Podcast: The Ukraine war is crippling the world's food supply, says food security expert Ertharin Cousin

Listen: The Ukraine war and sanctions against Russia have created a perfect storm that will lead to a global food supply crisis, Ertharin Cousin, former head of the UN World Food Programme, tells Ian Bremmer on the GZERO World podcast. Russia and Ukraine account for almost a third of the world's wheat exports. All nations could be affected since these are global commodities, but developing countries that rely on those imports are most at risk. The disruptions could double the amount of people that went hungry during the pandemic, and since agriculture is a seasonal business, the worst may be yet to come.

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Russia has geared up to avoid food scarcity.

Paige Fusco

Food security: one area where Putin’s plans are bearing fruit

Shortly after Russia invaded Ukraine, Russians were seen scrambling for packets of sugar at supermarkets. It was the first sign that Western sanctions meant to punish President Vladimir Putin for the war might actually be having a serious impact. Stores imposed limits on the purchase of some products, and Putin's government rushed to reassure Russians that they would have enough to eat.

Russians are facing shortages of everything from smartphones and cars to paper, but experts say there’s one area where the country might be able to largely insulate itself from the sanctions that have otherwise ravaged the economy: food security.

Since 2014, when Russia’s annexation of Crimea triggered a wave of targeted sanctions, the Kremlin has been preparing for the possibility of more wide-ranging economic punishment from the West. Through a massive program of import substitution, it has tried to reduce the dependence of Russia’s economy on imports by developing domestic industries across sectors over the past eight years. While those efforts have failed in most fields, they have yielded some success in food and agriculture.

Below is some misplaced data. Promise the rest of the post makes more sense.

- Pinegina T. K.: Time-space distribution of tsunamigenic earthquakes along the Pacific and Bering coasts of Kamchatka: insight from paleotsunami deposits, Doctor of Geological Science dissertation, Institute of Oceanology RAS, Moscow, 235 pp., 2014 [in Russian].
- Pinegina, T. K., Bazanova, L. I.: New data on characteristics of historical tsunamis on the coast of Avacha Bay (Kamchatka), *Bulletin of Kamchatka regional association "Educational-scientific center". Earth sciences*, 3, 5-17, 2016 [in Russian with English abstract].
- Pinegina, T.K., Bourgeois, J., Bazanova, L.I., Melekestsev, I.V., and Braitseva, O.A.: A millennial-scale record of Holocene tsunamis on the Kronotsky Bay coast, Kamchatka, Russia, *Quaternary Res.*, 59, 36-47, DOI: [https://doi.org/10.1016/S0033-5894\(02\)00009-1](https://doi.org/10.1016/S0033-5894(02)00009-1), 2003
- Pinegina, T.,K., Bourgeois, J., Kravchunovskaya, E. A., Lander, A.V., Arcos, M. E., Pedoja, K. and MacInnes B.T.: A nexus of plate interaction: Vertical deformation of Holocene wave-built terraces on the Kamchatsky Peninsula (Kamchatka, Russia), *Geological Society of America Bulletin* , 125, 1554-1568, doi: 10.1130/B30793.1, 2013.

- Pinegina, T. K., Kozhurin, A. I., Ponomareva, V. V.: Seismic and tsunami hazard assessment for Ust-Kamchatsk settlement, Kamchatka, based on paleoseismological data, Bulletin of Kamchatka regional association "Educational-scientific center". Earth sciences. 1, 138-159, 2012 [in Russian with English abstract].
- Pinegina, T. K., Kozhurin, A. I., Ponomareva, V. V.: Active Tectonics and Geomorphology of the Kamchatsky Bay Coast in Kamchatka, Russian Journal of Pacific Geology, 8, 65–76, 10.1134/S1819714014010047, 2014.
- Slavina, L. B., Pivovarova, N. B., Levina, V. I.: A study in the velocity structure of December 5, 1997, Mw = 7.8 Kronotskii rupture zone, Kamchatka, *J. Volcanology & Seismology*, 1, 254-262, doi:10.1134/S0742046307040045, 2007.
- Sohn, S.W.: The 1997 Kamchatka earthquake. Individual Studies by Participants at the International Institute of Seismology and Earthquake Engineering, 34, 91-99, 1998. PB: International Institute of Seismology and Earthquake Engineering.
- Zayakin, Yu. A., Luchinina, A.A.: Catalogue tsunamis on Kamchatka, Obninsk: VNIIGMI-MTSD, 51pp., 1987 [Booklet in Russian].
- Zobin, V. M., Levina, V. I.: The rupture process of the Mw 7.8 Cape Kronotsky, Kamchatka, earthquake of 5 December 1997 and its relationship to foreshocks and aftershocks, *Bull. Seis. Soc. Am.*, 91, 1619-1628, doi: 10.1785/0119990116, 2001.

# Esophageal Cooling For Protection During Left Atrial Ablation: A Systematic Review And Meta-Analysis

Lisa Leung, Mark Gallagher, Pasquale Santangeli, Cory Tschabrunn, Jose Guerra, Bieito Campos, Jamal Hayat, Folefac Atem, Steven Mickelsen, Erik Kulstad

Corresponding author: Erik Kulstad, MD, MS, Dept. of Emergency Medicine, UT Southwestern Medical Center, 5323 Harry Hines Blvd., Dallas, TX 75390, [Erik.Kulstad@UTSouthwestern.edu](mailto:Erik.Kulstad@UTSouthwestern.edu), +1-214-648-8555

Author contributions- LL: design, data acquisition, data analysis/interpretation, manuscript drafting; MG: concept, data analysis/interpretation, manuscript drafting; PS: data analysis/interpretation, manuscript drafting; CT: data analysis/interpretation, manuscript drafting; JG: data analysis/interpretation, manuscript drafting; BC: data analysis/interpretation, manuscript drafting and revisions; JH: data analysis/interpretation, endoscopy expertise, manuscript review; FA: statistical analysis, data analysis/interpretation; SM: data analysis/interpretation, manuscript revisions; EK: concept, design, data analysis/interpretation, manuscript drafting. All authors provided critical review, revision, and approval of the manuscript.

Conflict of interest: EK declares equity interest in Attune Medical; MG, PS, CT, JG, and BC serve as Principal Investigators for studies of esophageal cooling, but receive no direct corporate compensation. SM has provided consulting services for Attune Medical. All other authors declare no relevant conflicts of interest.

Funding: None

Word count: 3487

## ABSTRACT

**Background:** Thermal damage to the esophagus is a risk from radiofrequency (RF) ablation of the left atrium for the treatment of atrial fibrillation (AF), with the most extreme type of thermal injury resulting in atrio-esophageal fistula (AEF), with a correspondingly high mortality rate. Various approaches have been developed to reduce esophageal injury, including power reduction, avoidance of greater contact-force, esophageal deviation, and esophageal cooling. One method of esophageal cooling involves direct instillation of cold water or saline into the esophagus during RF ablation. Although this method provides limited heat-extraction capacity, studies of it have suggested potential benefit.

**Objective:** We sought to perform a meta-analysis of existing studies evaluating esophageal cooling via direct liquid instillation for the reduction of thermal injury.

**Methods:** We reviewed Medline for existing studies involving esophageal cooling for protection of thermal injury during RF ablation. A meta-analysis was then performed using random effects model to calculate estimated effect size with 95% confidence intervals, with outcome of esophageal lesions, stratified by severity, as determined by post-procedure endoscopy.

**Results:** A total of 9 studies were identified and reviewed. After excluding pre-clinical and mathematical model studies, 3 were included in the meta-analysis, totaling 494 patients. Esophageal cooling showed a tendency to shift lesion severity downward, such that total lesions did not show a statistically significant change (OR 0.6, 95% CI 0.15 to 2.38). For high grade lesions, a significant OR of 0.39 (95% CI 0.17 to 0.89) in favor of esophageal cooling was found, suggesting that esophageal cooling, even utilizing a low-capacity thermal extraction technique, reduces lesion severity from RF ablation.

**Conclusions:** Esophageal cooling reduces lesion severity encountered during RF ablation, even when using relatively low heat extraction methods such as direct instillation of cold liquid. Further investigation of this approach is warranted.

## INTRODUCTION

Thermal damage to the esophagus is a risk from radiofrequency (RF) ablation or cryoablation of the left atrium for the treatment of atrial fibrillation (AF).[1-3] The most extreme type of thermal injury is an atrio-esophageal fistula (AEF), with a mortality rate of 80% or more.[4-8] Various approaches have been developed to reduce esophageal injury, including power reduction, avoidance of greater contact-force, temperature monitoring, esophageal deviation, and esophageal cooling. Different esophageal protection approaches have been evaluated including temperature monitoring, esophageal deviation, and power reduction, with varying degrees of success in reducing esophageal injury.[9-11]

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Thai landfill turned into urban farm to feed poor during Covid-19 pandemic

January 07, 2021 3:48 PM

The move boosted food security and livelihoods of poor families and can be a model for unused spaces in other cities.

Philippines detects new swine fever outbreaks, eyes more pork imports

September 24, 2020 4:17 PM

MANILA (REUTERS) - The Philippines' Department of Agriculture said on Thursday (Sept 24) it had detected new African swine fever outbreaks in six provinces, raising the possibility that the domestic pork shortfall anticipated by year-end will be bigger than initially expected.

Indonesia to cull millions of chickens, curb egg hatching to support prices

September 01, 2020 5:26 PM

JAKARTA (REUTERS) - Indonesia's farming ministry has ordered breeders to cull millions of chickens and reduce the number of hatching eggs to control a slump in poultry prices, the ministry said in a statement on Tuesday (Sept 1).